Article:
One ray of light is that EMA / ECDC will be publishing, in the “near future”, “a detailed review of the literature“ in support of its advice. ”The data to“ build upon ”should therefore be there. – it will be enough for Pfizer to submit it to SAHPRA.
But do we really have to wait for SAHPRA?
In South Africa, drugs can be used off-label. This means that a doctor can prescribe a drug for a use other than that for which the SAHPRA registered it. This raises the question of whether heterologous stimulation can be performed off-label. In fact, in this case it would not even be totally off-label since it would be for the prevention of the same condition for which it is authorized, although it is for use in a combination other than that for which it was. authorized.
This could lead to complications, as off-label use typically requires medical prescriptions – which is not possible for mass vaccinations – and off-label use applies to registered products, rather than to products available under Section 21 licenses. Even so, based on conversations with a few regulatory experts, it is not clear to us that the off-label use or flexible interpretation of existing licenses under section 21 are dead ends.
What is the point of view of the Ministry of Health?
We asked the national health ministry if it had had proactive discussions with SAHPRA regarding the heterologous recall, or if it was taking a wait-and-see approach.
Dr Nicholas Crisp, deputy director of the department responsible for the deployment of the COVID-19 vaccine, responded by pointing out that the President and CEO of SAHPRA all participate in the meetings of the Ministerial Advisory Committee on Vaccines. “We are all well aware of the evidence and the debates. [The] The national health ministry is not telling the regulator what to do. This would undermine the independence of the regulator, ”he said.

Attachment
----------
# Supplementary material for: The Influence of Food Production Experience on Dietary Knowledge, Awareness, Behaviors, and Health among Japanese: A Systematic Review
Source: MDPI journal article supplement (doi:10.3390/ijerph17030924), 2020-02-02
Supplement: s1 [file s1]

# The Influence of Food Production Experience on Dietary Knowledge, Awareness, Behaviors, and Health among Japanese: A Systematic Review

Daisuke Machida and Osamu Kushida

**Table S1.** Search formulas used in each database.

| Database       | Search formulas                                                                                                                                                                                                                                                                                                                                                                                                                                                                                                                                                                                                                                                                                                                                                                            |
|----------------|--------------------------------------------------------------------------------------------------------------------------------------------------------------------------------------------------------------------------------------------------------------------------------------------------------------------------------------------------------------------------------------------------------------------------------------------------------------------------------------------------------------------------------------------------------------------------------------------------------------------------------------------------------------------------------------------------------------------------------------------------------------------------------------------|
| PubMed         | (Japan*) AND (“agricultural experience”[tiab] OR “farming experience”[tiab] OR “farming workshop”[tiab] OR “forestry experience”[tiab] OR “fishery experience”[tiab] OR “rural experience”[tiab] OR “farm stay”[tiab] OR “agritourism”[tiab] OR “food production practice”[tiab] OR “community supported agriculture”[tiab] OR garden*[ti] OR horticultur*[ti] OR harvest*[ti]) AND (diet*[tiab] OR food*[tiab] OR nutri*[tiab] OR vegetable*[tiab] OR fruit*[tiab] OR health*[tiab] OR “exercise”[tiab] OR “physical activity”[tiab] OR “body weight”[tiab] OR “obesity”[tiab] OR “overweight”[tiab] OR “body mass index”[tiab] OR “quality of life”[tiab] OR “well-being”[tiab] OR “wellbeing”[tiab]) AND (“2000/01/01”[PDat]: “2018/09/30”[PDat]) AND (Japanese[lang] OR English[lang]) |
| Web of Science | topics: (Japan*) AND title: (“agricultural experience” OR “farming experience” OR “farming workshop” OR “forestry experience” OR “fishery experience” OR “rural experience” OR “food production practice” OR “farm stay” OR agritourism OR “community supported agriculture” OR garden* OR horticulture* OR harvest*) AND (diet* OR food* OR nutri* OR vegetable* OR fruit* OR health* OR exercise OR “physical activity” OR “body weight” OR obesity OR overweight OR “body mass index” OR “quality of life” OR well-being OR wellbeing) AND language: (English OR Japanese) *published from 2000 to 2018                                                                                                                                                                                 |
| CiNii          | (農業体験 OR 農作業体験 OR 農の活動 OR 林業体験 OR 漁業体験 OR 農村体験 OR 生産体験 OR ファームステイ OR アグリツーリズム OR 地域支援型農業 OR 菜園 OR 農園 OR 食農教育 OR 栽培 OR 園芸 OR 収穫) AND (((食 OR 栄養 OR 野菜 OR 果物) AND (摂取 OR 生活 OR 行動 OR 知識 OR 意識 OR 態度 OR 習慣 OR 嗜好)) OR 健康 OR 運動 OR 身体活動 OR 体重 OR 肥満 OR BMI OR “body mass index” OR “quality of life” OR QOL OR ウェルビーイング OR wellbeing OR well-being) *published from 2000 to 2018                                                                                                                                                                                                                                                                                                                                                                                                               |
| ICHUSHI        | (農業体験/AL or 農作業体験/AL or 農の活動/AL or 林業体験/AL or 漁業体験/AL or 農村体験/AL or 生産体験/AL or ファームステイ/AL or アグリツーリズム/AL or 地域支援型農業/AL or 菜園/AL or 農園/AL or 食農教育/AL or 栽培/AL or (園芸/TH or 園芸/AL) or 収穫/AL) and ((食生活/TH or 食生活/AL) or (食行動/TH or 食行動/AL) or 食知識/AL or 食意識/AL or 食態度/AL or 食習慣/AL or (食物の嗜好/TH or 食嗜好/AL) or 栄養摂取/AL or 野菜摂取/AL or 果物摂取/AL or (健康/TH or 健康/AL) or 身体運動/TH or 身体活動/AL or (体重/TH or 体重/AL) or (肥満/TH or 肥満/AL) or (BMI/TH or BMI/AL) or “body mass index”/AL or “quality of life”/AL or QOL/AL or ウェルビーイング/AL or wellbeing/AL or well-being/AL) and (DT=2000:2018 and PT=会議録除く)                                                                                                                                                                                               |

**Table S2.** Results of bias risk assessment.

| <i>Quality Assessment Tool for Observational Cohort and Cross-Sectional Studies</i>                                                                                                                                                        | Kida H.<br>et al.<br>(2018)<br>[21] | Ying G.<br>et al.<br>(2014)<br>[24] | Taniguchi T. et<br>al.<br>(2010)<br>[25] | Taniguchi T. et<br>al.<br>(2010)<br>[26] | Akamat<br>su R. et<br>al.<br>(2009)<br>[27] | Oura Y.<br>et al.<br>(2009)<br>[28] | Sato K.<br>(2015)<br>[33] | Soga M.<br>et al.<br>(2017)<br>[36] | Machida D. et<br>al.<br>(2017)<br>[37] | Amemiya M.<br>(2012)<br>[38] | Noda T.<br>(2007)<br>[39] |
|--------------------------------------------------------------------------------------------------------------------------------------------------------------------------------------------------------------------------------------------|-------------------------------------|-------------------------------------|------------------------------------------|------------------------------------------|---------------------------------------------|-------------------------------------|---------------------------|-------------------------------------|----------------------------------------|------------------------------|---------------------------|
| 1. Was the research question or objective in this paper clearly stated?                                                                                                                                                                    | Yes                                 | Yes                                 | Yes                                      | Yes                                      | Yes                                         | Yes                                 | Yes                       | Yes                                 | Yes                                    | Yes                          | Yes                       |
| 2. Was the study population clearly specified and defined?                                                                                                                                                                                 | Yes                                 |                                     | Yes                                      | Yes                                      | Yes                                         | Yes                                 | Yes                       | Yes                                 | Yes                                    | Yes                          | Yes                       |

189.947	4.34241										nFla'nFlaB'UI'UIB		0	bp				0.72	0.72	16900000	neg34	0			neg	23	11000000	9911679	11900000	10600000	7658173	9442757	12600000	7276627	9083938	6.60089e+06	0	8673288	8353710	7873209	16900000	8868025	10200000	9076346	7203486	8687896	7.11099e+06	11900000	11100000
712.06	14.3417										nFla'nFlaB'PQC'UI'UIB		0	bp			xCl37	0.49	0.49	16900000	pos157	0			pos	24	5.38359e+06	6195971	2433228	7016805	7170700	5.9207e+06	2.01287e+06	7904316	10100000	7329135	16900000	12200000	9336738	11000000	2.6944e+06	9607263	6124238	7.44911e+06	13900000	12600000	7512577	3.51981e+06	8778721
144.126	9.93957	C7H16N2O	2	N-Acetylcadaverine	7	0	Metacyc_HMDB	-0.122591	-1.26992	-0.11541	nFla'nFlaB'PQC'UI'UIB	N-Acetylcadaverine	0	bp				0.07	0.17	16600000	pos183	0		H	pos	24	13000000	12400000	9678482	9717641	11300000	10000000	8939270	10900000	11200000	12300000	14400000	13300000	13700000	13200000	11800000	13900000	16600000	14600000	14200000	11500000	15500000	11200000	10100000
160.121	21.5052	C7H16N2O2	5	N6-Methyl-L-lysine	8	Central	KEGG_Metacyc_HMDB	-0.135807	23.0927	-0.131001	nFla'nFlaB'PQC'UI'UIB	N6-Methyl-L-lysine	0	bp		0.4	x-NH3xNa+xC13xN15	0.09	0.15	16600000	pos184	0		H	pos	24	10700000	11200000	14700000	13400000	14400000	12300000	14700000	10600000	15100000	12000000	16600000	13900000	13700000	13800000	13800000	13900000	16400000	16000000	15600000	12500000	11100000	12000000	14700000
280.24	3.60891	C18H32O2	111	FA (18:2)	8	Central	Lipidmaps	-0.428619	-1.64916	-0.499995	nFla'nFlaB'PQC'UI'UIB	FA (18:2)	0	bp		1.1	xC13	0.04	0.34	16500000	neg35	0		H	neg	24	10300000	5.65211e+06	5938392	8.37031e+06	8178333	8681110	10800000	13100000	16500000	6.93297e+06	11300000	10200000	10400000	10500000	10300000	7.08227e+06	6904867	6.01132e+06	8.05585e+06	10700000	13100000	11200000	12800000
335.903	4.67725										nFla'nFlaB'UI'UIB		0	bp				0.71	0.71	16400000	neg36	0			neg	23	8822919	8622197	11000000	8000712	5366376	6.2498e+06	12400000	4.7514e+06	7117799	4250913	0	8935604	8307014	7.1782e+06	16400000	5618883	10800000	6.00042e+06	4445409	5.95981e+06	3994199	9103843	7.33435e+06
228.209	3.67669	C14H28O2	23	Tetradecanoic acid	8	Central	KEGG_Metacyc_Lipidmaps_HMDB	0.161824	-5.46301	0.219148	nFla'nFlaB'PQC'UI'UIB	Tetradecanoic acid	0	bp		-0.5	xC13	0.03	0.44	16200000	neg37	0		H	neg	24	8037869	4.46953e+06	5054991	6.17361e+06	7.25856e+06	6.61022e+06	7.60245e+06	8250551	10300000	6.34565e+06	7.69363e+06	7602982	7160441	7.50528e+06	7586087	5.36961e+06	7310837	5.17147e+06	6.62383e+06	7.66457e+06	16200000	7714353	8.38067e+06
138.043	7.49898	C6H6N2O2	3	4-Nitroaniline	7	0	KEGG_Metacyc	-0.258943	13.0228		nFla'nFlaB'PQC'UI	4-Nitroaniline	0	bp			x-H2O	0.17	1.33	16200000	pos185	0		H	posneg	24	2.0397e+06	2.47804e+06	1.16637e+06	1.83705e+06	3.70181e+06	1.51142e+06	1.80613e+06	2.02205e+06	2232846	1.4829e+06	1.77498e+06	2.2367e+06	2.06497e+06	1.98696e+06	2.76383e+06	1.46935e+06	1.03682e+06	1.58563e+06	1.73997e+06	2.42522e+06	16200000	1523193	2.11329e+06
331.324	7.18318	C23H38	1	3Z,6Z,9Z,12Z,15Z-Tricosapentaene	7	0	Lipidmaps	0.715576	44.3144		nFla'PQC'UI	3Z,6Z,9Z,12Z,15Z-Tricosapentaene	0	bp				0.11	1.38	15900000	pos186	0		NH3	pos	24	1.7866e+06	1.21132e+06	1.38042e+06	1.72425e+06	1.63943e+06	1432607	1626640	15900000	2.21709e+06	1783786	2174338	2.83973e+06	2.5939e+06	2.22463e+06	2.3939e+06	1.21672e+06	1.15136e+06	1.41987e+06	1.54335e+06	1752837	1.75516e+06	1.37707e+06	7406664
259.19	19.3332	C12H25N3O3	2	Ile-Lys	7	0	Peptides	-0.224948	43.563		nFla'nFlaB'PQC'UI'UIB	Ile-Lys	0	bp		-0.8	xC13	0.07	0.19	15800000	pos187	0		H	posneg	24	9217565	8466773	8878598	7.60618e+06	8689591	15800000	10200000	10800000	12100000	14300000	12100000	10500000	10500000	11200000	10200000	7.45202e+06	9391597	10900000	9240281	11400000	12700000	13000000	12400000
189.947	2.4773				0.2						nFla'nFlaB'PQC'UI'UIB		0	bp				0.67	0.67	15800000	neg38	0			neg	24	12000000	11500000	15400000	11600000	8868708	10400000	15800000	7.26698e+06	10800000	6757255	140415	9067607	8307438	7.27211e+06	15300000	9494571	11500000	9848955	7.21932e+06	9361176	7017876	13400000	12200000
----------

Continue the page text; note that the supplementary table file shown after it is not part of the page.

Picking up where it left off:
“The national health ministry always acts within the framework of the law and respects the regulator (SAHPRA), so it will wait for the regulator’s approval. They have specialists on their teams. We also have very experienced people on ministerial advisory committees, so we rely on their advice. They follow the evidence and advise. It will be exceptional for the minister to cancel these structures, ”said Crisp.
So what happens next?
The next most likely step is for Pfizer to submit data to SAHPRA that supports the heterologous use of their vaccine. Since such apps have been successful in the FDA and EMA before, there’s a good chance they will be successful here.
The Ministerial Vaccine Advisory Committee will then advise the Department of Health on the heterologous booster – after which the Department of Health will decide whether or not to give people the option of receiving heterologous boosters as part of the immunization program. mass of South Africa.
None of this will happen overnight. In fact, we would be surprised if heterologous boosters became widely available in South Africa during the current wave of COVID-19.
On the other hand, at the Department of Health’s weekly press conference this morning (Friday), Crisp indicated that counterpart boosters will be available from January – people who have received two doses of Pfizer will be offered. a Pfizer booster six months after their second dose. People who have been injected with J&J will likely be offered J&J boosters (also from January), although SAHPRA approval has yet to be given.
Either way, it’s probably not a good idea to wait for your favorite booster. As with the Covid-19 vaccines from the start, the best booster is simply the first you can get.